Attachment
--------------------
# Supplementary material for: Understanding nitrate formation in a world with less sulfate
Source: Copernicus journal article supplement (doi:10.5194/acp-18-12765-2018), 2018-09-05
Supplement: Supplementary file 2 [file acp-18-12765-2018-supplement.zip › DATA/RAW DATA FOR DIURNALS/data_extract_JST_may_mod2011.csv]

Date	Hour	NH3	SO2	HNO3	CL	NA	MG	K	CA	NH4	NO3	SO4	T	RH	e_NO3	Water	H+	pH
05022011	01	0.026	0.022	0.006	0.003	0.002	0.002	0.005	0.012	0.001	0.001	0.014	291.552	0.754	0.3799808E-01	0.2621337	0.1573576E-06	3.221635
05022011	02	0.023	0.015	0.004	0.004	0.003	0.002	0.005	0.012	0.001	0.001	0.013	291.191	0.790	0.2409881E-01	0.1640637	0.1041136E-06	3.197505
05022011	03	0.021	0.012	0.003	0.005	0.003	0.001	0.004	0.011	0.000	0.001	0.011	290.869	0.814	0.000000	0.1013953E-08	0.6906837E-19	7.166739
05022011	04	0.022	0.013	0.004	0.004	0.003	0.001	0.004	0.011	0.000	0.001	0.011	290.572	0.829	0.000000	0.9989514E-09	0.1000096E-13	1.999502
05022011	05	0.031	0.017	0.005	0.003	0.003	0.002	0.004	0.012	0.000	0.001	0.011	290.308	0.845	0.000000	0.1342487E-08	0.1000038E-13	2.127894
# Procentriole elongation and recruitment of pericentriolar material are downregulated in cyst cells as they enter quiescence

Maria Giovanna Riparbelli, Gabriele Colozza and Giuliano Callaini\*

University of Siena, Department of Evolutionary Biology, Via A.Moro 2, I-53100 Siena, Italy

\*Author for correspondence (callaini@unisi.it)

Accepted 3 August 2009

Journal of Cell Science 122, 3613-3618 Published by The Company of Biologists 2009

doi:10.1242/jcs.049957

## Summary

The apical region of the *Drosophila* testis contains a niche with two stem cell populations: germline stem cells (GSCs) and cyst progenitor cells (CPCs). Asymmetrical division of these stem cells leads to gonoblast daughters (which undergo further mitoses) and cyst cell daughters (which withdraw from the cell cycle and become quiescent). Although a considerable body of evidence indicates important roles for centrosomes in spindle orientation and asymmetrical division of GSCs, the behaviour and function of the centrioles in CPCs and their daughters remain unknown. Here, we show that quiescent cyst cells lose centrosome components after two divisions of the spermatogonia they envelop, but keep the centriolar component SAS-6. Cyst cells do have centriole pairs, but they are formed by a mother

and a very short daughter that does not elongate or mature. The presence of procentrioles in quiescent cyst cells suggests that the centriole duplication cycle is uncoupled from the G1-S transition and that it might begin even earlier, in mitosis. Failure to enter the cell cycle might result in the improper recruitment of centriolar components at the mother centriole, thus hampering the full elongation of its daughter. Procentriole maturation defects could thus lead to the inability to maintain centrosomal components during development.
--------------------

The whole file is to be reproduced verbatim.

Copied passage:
# Supplementary material for: Understanding nitrate formation in a world with less sulfate
Source: Copernicus journal article supplement (doi:10.5194/acp-18-12765-2018), 2018-09-05
Supplement: Supplementary file 2 [file acp-18-12765-2018-supplement.zip › DATA/RAW DATA FOR DIURNALS/data_extract_JST_may_mod2011.csv]

Date	Hour	NH3	SO2	HNO3	CL	NA	MG	K	CA	NH4	NO3	SO4	T	RH	e_NO3	Water	H+	pH
05022011	01	0.026	0.022	0.006	0.003	0.002	0.002	0.005	0.012	0.001	0.001	0.014	291.552	0.754	0.3799808E-01	0.2621337	0.1573576E-06	3.221635
05022011	02	0.023	0.015	0.004	0.004	0.003	0.002	0.005	0.012	0.001	0.001	0.013	291.191	0.790	0.2409881E-01	0.1640637	0.1041136E-06	3.197505
05022011	03	0.021	0.012	0.003	0.005	0.003	0.001	0.004	0.011	0.000	0.001	0.011	290.869	0.814	0.000000	0.1013953E-08	0.6906837E-19	7.166739
05022011	04	0.022	0.013	0.004	0.004	0.003	0.001	0.004	0.011	0.000	0.001	0.011	290.572	0.829	0.000000	0.9989514E-09	0.1000096E-13	1.999502
05022011	05	0.031	0.017	0.005	0.003	0.003	0.002	0.004	0.012	0.000	0.001	0.011	290.308	0.845	0.000000	0.1342487E-08	0.1000038E-13	2.127894
# Procentriole elongation and recruitment of pericentriolar material are downregulated in cyst cells as they enter quiescence

Maria Giovanna Riparbelli, Gabriele Colozza and Giuliano Callaini\*

University of Siena, Department of Evolutionary Biology, Via A.Moro 2, I-53100 Siena, Italy

\*Author for correspondence (callaini@unisi.it)

Accepted 3 August 2009

Journal of Cell Science 122, 3613-3618 Published by The Company of Biologists 2009

doi:10.1242/jcs.049957

## Summary

The apical region of the *Drosophila* testis contains a niche with two stem cell populations: germline stem cells (GSCs) and cyst progenitor cells (CPCs). Asymmetrical division of these stem cells leads to gonoblast daughters (which undergo further mitoses) and cyst cell daughters (which withdraw from the cell cycle and become quiescent). Although a considerable body of evidence indicates important roles for centrosomes in spindle orientation and asymmetrical division of GSCs, the behaviour and function of the centrioles in CPCs and their daughters remain unknown. Here, we show that quiescent cyst cells lose centrosome components after two divisions of the spermatogonia they envelop, but keep the centriolar component SAS-6. Cyst cells do have centriole pairs, but they are formed by a mother

and a very short daughter that does not elongate or mature. The presence of procentrioles in quiescent cyst cells suggests that the centriole duplication cycle is uncoupled from the G1-S transition and that it might begin even earlier, in mitosis. Failure to enter the cell cycle might result in the improper recruitment of centriolar components at the mother centriole, thus hampering the full elongation of its daughter. Procentriole maturation defects could thus lead to the inability to maintain centrosomal components during development.